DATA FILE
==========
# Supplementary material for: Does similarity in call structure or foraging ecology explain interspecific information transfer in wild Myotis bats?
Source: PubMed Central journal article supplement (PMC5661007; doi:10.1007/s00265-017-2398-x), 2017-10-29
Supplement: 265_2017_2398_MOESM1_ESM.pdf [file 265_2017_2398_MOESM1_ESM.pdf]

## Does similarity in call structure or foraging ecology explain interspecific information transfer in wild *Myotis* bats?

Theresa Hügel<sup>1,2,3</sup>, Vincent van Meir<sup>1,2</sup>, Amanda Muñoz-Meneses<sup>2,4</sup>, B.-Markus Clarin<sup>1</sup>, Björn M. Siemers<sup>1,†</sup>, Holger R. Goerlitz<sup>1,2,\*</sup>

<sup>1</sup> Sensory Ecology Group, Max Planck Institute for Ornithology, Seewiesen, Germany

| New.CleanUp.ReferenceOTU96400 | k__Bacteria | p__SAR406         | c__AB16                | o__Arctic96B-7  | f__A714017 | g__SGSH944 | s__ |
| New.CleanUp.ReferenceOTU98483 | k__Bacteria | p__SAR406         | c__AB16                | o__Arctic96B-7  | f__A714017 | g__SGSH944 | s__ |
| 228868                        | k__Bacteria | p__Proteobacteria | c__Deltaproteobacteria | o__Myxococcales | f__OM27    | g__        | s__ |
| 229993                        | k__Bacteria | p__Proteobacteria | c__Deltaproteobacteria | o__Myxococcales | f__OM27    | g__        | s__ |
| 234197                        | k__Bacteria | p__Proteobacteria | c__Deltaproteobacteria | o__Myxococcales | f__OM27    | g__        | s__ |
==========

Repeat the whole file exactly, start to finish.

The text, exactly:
# Supplementary material for: Does similarity in call structure or foraging ecology explain interspecific information transfer in wild Myotis bats?
Source: PubMed Central journal article supplement (PMC5661007; doi:10.1007/s00265-017-2398-x), 2017-10-29
Supplement: 265_2017_2398_MOESM1_ESM.pdf [file 265_2017_2398_MOESM1_ESM.pdf]

## Does similarity in call structure or foraging ecology explain interspecific information transfer in wild *Myotis* bats?

Theresa Hügel<sup>1,2,3</sup>, Vincent van Meir<sup>1,2</sup>, Amanda Muñoz-Meneses<sup>2,4</sup>, B.-Markus Clarin<sup>1</sup>, Björn M. Siemers<sup>1,†</sup>, Holger R. Goerlitz<sup>1,2,\*</sup>

<sup>1</sup> Sensory Ecology Group, Max Planck Institute for Ornithology, Seewiesen, Germany

| New.CleanUp.ReferenceOTU96400 | k__Bacteria | p__SAR406         | c__AB16                | o__Arctic96B-7  | f__A714017 | g__SGSH944 | s__ |
| New.CleanUp.ReferenceOTU98483 | k__Bacteria | p__SAR406         | c__AB16                | o__Arctic96B-7  | f__A714017 | g__SGSH944 | s__ |
| 228868                        | k__Bacteria | p__Proteobacteria | c__Deltaproteobacteria | o__Myxococcales | f__OM27    | g__        | s__ |
| 229993                        | k__Bacteria | p__Proteobacteria | c__Deltaproteobacteria | o__Myxococcales | f__OM27    | g__        | s__ |
| 234197                        | k__Bacteria | p__Proteobacteria | c__Deltaproteobacteria | o__Myxococcales | f__OM27    | g__        | s__ |